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Bad Day For MLS Doesn't Mean A Bad Day For U.S. Open Cup

With seven of 14 MLS teams losing on Tuesday, it was an embarrassing day for the league, but it may have been a nice boost for the U.S. Open Cup.

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As the U.S. Open Cup results started rolling in on Tuesday, they became harder and harder to believe. The Carolina Railhawks beat the defending MLS Cup champion LA Galaxy 2-1. The amateur Michigan Bucks beat the four-time Open Cup champion Chicago Fire 3-2. The first-year San Antonio Scorpions upset the Houston Dynamo 1-0. The Harrisburg City Islanders overcame a 3-0 deficit in overtime to oust the New England Revolution in a penalty kick shootout. And most shocking of all, the Minnesota Stars knocked off a starter-laden Real Salt Lake team 3-1 on the road.

With two games left to play on Wednesday, seven MLS have already been eliminated in their first Open Cup game of the season. The folks on the Twitter are calling it MLSassacre. To be blunt, it was not a good day for MLS.

The more relevant question is, Was it a good day for the U.S. Open Cup?

This will be the tournament's 99th year. For the past 17, fully professional sides have participated. Despite this history, the tournament lacks the kind of resonance with the general American soccer fan that it deserves.

There are numerous reasons why the tournament continues to reside on the outskirts of the American consciousness, but I'll argue that Tuesday's results can only help raise the profile. Sure, it was an embarrassing day for MLS teams. But let's also not make too much out of that.

Only one MLS team lost by more than a goal and four of them actually led late before collapsing. Crazy things can happen in single-elimination tournaments. Anyone that tries to say that this is somehow proof that there's virtually no gap between MLS and lower-division soccer is merely trying to score points.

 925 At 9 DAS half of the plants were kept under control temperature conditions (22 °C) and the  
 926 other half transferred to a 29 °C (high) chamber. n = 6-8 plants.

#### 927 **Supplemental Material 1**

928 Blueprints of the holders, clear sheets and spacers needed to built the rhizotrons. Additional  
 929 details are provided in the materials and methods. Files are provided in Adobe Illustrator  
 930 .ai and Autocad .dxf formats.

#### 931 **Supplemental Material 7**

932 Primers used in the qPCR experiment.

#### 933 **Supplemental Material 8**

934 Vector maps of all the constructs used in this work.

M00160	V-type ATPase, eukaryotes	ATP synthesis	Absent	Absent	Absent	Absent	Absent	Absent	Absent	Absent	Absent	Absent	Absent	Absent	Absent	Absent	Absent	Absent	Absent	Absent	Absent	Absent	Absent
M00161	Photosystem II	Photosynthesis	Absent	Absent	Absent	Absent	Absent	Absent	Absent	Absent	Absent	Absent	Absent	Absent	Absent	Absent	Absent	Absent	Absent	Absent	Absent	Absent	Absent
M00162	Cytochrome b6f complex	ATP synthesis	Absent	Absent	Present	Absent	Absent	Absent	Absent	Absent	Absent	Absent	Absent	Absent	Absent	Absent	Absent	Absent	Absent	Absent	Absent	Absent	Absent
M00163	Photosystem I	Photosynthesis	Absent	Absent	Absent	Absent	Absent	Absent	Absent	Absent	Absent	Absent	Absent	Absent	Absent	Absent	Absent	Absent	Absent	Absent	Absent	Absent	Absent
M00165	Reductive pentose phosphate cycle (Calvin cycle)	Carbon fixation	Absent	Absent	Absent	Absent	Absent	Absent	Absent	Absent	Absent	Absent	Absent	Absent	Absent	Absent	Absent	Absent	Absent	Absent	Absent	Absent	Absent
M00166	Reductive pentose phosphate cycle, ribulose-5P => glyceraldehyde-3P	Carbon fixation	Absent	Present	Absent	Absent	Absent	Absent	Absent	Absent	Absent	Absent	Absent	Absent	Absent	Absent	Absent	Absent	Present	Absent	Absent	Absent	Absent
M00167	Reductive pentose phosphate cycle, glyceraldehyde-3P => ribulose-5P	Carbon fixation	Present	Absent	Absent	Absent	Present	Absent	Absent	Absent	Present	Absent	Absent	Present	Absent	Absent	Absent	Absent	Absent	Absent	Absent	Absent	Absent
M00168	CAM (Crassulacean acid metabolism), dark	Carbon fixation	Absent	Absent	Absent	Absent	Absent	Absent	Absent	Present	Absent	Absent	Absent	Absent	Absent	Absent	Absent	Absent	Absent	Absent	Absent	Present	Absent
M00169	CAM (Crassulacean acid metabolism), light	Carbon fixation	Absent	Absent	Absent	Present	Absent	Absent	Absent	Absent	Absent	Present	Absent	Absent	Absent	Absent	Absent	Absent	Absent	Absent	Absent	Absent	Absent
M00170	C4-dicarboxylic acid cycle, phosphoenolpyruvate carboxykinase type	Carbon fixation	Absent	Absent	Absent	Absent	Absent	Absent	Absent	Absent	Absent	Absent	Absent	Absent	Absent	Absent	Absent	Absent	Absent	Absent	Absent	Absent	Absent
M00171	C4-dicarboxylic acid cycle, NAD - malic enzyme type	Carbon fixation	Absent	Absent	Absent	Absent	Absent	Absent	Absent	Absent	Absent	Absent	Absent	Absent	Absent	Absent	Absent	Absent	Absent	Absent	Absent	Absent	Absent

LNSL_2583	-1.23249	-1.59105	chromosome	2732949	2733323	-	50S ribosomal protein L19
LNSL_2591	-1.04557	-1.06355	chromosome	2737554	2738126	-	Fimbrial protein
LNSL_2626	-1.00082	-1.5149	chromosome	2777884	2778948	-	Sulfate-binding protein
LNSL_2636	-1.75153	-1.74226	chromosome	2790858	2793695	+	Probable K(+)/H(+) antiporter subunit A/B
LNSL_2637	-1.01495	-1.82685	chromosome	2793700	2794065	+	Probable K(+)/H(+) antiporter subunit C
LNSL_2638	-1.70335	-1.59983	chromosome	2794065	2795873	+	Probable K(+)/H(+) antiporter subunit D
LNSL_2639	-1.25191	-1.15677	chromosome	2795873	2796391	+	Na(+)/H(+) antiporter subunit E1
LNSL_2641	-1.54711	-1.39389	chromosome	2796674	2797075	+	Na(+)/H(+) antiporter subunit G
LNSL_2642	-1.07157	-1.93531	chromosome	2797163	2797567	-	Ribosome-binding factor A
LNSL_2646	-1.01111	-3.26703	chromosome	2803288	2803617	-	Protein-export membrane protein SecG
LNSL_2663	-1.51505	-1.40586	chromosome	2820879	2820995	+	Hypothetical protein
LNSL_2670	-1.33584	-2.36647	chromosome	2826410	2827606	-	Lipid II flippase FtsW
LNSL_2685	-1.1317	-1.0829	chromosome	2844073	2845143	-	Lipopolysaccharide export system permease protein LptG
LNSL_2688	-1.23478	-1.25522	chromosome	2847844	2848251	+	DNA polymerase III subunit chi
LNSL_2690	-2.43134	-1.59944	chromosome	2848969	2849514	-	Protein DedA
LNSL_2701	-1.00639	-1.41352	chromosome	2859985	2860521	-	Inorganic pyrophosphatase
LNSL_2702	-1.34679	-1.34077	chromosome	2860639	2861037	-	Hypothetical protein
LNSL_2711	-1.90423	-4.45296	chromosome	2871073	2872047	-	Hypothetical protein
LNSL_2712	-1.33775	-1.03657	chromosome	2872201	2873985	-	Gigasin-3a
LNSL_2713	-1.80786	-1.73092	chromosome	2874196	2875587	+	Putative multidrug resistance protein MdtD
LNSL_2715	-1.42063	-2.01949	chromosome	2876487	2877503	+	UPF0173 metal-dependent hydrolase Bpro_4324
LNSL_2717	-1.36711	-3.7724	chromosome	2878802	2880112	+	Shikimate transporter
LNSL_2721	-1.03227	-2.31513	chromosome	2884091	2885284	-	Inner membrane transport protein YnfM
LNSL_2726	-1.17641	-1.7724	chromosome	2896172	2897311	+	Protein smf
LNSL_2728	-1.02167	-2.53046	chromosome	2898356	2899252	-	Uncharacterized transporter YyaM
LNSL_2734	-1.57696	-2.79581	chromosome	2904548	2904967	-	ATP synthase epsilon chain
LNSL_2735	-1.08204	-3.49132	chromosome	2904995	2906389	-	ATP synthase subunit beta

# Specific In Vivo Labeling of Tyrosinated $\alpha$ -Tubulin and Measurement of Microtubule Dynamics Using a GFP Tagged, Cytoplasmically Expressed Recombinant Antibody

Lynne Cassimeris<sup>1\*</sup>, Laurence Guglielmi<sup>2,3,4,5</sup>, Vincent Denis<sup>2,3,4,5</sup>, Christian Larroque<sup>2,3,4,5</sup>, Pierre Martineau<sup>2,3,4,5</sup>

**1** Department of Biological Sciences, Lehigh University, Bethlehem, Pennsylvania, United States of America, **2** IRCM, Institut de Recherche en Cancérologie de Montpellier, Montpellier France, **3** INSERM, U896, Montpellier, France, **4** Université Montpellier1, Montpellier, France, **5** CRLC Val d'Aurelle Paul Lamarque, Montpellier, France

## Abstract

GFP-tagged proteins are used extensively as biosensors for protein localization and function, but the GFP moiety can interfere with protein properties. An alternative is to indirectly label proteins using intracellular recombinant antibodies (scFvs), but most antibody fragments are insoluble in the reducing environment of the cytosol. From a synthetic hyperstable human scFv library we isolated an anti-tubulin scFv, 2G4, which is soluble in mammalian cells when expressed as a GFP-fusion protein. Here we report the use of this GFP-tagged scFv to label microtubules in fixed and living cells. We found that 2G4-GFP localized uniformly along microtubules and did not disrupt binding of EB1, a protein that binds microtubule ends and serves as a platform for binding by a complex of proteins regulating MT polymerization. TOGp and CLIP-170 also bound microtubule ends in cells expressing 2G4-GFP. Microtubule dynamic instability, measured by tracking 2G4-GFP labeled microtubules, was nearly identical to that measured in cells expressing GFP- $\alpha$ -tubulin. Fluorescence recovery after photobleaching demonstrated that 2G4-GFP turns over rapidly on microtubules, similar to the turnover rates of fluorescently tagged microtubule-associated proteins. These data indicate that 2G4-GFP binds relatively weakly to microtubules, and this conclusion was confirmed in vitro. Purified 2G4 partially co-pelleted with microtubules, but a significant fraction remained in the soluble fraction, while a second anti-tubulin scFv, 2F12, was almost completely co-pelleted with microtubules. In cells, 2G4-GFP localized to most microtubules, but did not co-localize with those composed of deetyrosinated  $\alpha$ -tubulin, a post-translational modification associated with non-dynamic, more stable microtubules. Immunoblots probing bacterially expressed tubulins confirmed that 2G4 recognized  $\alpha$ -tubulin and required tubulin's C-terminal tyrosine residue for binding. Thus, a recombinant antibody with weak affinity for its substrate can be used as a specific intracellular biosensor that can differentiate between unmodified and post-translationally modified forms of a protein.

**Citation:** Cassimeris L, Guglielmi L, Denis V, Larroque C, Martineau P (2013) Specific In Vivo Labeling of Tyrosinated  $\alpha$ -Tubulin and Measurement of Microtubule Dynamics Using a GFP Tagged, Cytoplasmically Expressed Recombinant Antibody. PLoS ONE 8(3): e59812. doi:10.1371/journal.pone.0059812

Once you get past whatever embarrassment MLS suffered, there's much more to like. Chances are, at least eight MLS teams will be playing in the Round of 16 next week. Coincidentally enough, that's the same number who were in it last year. Admittedly, that's because only eight MLS teams qualified for last year's tournament. But if we're talking about tournament health here, I'll take some exciting upsets by lower-division teams over a pair of reserve-laden MLS sides knocking each other off like they have in past tournaments.

The surviving MLS teams will mostly be paired up against lower-division opponents, which gives us another round of potential upsets. The way the pairings worked, though, there will be at least two lower-division teams that advance to this year's quarterfinals. It's these kind of stories that are going to keep people interested in the tournament beyond following their own teams.

As long as the teams surviving are fully motivated to win, the best interests of the tournament are served. If that means MLS teams need to up their games, so be it.